The justices unanimously limited the federal government’s power to strip immigrants of their hard-won status.
The U.S. Supreme Court narrowed the scope under which the federal government can strip naturalized Americans of their citizenship on Thursday, ruling that false statements made during the naturalization process had to be relevant to gaining citizenship in order to justify revoking it later.
Justice Elena Kagan, writing for a unanimous Court in Maslenjuk v. United States, said that using small omissions or minor lies to denaturalize immigrants went beyond what Congress authorized. “The statute it passed, most naturally read, strips a person of citizenship not when she committed any illegal act during the naturalization process, but only when that act played some role in her naturalization,” she wrote.
If the party cares about winning, it needs to learn how to appeal to the white working class.
The strategy was simple. A demographic wave—long-building, still-building—would carry the party to victory, and liberalism to generational advantage. The wave was inevitable, unstoppable. It would not crest for many years, and in the meantime, there would be losses—losses in the midterms and in special elections; in statehouses and in districts and counties and municipalities outside major cities. Losses in places and elections where the white vote was especially strong.
But the presidency could offset these losses. Every four years the wave would swell, receding again thereafter but coming back in the next presidential cycle, higher, higher. The strategy was simple. The presidency was everything.
The quality and variety of food in the U.S. has never been better. The business seems to be struggling. What’s really going on?
For restaurants in America, it is the best of times, and it is the worst of times.
Last century’s dystopians imagined that mediocre fast-food chains would take overevery square inch of the country. But in cities across the U.S., residents are claiming that the local restaurant scene is in a golden age of variety and quality. I’ve heard it in Portland, Oregon, named the best food city in America by the Washington Post; in Washington, D.C., named the best food city in America by Bon Appetit; in New Orleans, where the number of restaurants grew 70 percent after Hurricane Katrina; and in San Francisco, which boasts the most restaurants per capita in the country; and in Chicago, which has added several three-Michelin-star restaurants this decade. I live in New York, which will always lead the country in sheer abundance of dining options, but after years of visiting my sister in Los Angeles, I’m thoroughly convinced that America’s culinary capital has switched coasts.
In Appalachia, a primary-care clinic offers quick bursts of psychotherapy on the spot.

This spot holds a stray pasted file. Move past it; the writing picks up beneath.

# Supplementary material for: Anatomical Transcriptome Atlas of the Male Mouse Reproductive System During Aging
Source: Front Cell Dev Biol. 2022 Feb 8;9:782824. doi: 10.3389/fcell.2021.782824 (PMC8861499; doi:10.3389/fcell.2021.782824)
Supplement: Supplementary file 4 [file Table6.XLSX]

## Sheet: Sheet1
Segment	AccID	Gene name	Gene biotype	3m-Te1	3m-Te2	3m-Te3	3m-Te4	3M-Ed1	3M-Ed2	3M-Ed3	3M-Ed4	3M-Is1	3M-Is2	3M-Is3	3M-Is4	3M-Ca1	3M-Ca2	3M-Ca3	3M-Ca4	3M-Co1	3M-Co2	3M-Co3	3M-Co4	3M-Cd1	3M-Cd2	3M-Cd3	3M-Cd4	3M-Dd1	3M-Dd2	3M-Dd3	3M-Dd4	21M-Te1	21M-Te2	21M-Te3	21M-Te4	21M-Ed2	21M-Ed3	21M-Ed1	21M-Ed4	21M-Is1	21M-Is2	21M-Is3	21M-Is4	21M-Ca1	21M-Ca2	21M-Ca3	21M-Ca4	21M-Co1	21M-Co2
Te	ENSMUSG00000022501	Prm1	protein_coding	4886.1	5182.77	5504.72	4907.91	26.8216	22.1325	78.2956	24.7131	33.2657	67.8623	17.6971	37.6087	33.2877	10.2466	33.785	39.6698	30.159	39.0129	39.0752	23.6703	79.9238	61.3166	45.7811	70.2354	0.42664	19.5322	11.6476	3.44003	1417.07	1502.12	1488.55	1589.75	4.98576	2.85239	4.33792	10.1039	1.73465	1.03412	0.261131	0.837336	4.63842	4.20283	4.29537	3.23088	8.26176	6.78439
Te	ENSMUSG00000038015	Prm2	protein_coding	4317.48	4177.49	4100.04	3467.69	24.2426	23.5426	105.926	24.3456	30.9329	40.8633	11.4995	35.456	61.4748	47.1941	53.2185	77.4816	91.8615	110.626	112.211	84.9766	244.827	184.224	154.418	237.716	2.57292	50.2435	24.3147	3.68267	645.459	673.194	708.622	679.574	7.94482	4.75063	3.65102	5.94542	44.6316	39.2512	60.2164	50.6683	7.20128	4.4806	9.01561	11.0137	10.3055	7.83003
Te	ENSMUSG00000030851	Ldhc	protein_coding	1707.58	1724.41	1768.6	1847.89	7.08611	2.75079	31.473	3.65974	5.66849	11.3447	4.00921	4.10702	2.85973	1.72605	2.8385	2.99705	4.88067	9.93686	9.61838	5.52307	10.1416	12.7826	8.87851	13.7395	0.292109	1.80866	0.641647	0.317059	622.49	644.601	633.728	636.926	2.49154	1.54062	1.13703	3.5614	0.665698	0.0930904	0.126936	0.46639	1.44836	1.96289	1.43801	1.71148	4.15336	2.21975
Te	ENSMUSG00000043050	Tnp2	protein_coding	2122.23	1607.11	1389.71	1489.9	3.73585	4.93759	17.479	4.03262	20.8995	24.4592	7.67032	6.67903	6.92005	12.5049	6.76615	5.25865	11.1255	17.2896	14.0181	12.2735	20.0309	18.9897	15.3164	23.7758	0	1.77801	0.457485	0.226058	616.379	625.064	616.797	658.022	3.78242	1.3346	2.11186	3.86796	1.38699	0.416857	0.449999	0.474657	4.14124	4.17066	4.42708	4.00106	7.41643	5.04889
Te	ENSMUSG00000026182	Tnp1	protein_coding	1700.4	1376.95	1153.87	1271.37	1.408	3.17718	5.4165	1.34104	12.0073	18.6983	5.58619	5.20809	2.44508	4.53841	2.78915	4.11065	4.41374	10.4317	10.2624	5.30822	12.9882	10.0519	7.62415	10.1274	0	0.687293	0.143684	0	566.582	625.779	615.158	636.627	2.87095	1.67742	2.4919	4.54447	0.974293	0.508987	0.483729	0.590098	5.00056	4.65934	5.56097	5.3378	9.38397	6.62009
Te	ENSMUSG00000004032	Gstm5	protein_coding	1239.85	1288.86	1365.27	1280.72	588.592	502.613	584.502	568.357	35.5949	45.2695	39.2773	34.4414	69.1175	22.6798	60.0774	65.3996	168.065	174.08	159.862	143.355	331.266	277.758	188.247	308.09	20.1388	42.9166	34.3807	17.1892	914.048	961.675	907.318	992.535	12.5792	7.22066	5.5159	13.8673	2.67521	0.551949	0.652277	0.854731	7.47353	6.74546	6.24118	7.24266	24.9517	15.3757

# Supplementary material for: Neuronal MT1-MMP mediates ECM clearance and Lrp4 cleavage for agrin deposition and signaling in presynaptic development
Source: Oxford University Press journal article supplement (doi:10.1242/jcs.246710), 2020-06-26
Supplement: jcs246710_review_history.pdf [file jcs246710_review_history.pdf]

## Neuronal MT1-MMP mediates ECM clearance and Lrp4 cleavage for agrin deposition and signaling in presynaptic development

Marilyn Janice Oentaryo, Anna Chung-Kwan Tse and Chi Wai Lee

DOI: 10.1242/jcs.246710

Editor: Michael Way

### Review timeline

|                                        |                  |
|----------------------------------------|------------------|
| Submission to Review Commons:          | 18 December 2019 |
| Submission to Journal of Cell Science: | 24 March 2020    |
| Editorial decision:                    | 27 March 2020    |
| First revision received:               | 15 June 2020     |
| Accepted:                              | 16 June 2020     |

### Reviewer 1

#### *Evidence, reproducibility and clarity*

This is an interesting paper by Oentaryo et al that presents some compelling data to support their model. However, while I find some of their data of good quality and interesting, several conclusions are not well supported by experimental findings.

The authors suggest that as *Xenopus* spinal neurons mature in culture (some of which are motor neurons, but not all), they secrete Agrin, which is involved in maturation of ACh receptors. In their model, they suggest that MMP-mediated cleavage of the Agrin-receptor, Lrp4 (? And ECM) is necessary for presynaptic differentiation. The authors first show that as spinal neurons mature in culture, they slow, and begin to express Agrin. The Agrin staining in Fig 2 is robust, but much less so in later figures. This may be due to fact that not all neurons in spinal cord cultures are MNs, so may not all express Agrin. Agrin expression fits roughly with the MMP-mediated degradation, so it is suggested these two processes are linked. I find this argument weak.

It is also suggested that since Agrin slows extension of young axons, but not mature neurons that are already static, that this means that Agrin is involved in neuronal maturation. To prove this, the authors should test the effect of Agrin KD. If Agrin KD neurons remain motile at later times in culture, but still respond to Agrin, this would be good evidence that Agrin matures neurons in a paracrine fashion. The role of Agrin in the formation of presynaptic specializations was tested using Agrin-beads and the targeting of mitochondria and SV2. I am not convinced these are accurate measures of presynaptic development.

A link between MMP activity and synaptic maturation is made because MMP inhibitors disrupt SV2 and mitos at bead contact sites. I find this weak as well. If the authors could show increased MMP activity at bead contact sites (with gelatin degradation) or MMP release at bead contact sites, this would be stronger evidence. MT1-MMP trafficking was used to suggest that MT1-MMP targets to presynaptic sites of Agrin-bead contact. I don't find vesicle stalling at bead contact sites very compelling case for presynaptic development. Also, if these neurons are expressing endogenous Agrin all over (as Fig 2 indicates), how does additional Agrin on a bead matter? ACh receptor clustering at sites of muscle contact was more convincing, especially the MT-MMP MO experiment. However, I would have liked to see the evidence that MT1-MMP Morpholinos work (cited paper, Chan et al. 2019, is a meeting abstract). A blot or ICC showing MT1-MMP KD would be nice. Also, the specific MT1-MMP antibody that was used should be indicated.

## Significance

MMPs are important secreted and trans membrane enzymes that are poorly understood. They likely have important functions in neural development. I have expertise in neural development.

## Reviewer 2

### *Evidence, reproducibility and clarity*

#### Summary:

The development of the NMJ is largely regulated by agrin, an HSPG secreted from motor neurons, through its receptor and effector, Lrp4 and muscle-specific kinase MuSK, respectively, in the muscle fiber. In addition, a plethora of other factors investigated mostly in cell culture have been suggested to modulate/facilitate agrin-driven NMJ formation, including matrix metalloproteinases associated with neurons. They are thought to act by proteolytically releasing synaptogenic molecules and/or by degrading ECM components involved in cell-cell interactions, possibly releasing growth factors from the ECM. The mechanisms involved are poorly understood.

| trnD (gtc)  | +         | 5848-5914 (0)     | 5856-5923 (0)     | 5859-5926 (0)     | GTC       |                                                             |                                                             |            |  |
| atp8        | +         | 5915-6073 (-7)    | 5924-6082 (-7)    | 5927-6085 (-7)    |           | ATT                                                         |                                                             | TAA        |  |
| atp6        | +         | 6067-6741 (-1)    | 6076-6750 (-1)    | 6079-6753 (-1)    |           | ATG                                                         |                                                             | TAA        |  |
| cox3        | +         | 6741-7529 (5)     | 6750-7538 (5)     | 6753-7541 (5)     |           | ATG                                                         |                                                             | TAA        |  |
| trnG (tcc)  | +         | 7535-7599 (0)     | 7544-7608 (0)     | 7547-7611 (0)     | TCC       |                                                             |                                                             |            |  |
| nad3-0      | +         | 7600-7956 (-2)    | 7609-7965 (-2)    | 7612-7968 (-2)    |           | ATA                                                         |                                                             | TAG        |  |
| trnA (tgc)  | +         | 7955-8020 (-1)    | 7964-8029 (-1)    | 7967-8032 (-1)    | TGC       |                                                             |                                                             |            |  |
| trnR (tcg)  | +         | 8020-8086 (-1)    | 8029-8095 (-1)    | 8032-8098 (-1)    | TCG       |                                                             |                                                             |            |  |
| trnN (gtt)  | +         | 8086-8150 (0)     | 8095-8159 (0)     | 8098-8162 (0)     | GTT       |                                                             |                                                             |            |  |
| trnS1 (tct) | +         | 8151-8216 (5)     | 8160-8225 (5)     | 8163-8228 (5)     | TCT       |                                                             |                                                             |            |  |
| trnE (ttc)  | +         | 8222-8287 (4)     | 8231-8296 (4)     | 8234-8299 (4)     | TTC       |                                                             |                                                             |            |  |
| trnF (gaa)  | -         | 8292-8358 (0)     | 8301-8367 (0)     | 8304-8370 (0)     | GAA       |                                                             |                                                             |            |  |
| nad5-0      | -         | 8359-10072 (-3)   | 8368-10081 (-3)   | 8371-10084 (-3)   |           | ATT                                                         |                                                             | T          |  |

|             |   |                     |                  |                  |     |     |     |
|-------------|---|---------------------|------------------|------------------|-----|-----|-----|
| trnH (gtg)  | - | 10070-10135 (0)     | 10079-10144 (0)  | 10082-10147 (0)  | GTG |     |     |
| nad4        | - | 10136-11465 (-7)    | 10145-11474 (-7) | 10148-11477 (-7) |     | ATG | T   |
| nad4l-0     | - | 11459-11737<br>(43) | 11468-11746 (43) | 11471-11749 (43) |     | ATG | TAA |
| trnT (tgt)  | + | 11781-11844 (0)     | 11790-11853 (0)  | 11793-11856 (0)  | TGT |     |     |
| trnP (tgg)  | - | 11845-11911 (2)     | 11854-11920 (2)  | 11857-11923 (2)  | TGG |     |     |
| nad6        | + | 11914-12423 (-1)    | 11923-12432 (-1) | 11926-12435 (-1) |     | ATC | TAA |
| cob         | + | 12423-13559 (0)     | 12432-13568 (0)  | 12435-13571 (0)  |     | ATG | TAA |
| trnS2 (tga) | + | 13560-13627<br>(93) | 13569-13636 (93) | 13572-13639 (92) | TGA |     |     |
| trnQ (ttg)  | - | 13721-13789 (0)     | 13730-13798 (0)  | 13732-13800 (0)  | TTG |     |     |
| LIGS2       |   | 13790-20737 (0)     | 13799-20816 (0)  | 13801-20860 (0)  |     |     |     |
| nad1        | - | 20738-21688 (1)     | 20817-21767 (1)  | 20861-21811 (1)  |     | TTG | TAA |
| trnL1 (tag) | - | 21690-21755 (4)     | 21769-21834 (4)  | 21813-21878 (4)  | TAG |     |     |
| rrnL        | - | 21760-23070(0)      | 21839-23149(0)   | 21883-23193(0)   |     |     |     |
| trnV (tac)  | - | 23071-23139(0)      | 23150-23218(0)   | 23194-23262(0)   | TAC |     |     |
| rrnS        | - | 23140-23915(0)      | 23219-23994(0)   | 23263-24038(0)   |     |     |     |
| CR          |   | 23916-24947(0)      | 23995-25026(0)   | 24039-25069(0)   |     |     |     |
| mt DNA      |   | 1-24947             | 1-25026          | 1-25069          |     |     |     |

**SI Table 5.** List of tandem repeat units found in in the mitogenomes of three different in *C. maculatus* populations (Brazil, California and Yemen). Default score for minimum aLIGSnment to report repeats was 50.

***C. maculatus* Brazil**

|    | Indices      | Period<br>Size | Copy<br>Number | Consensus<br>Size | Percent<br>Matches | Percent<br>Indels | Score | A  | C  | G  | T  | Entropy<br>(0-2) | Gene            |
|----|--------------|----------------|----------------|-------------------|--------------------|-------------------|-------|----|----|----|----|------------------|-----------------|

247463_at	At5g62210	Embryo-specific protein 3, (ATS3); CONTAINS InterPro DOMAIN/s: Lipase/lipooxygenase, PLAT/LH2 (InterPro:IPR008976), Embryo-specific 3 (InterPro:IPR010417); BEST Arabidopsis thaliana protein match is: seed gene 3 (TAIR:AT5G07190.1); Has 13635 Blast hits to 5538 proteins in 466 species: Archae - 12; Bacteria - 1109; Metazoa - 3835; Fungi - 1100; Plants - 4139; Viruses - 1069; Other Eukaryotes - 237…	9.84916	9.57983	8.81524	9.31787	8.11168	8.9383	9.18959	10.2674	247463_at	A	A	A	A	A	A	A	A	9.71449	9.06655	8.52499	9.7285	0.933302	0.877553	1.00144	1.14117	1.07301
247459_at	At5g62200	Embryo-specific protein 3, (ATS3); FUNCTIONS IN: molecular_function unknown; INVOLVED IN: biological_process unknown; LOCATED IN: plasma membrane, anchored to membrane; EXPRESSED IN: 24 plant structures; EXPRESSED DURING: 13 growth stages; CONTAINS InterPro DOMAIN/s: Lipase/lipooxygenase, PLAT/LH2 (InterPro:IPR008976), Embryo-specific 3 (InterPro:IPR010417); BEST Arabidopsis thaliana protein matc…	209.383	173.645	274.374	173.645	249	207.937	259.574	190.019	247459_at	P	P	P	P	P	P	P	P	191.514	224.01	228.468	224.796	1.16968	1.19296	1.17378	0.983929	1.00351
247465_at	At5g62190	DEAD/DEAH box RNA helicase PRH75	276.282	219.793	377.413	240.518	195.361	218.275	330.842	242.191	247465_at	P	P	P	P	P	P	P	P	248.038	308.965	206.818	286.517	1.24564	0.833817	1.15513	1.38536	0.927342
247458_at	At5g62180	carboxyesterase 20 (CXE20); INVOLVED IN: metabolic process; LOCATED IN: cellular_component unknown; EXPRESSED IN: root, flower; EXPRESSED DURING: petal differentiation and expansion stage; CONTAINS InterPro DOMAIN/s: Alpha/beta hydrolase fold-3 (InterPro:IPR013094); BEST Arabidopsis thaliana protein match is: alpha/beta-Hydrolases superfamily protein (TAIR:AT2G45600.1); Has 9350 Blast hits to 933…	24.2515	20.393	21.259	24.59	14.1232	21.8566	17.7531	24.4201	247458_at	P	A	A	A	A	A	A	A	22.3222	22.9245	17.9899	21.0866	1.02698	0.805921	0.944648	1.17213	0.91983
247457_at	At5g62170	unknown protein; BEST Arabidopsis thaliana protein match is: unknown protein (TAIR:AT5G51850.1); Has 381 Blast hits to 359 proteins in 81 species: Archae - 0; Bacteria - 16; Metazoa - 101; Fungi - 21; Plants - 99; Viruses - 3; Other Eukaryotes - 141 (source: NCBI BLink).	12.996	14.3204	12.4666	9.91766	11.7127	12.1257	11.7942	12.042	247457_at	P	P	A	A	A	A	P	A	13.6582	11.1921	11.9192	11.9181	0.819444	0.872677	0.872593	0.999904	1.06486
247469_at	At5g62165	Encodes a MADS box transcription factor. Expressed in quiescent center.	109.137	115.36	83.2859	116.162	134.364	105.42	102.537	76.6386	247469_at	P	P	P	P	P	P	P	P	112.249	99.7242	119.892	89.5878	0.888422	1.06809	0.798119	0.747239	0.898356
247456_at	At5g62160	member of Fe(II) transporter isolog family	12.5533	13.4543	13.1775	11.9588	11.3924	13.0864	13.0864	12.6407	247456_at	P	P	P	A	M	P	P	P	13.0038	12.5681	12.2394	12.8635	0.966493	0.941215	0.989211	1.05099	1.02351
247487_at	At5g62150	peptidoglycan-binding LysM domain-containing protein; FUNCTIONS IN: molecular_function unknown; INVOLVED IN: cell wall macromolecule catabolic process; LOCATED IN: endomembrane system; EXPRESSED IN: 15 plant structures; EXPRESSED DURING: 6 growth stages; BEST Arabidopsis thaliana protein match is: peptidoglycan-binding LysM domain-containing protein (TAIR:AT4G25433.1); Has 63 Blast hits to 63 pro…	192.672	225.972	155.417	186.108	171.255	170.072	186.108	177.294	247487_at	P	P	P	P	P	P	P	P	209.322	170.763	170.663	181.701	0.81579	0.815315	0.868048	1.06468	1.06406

JOHNSON CITY, Tennessee—The first patient of the morning had been working 119 hours a week. Greta (not her real name) had been coming home late at night, skipping dinner, and crashing into bed. One recent night, her college-aged daughter melted down, telling an exhausted Greta that her parents’ marital tensions were putting a strain on her.
“She’s like, ‘Why don’t you just divorce him?’” Greta recounted to her psychotherapist, Thomas Bishop, who was perched on a rolling stool in the bright examination room. “‘Why don’t you just do it and get it over with?’” Greta planned to stay with her husband, but her daughter’s outburst worried her. “Is this going to affect the way she feels about relationships?” she asked Bishop.
The Senate bill coming out Thursday would do many things to health care in the U.S., but it won’t get rid of the Affordable Care Act, and Mitch McConnell won’t claim that it does.
The health-care bill Senate Republicans plan to unveil on Thursday likely will make substantial changes to Medicaid and cut taxes for wealthy Americans and businesses. It will eliminate mandates and relax regulations on insurance plans, and it will reduce the federal government’s role in health care.
What it won’t do, however, is actually repeal the Affordable Care Act.
Lost in the roiling debate over health care over the last several weeks is that Republicans have all but given up on their longstanding repeal-and-replace pledge. The slogan lives on in the rhetoric used by many GOP lawmakers and the Trump White House but not in the legislation the party is advancing. That was true when House Republicans passed the American Health Care Act last month, which rolled back key parts of Obamacare but was not a full repeal. And it is even more true of the bill the Senate has drafted in secret, which reportedly will stick closer to the underlying structure of the law.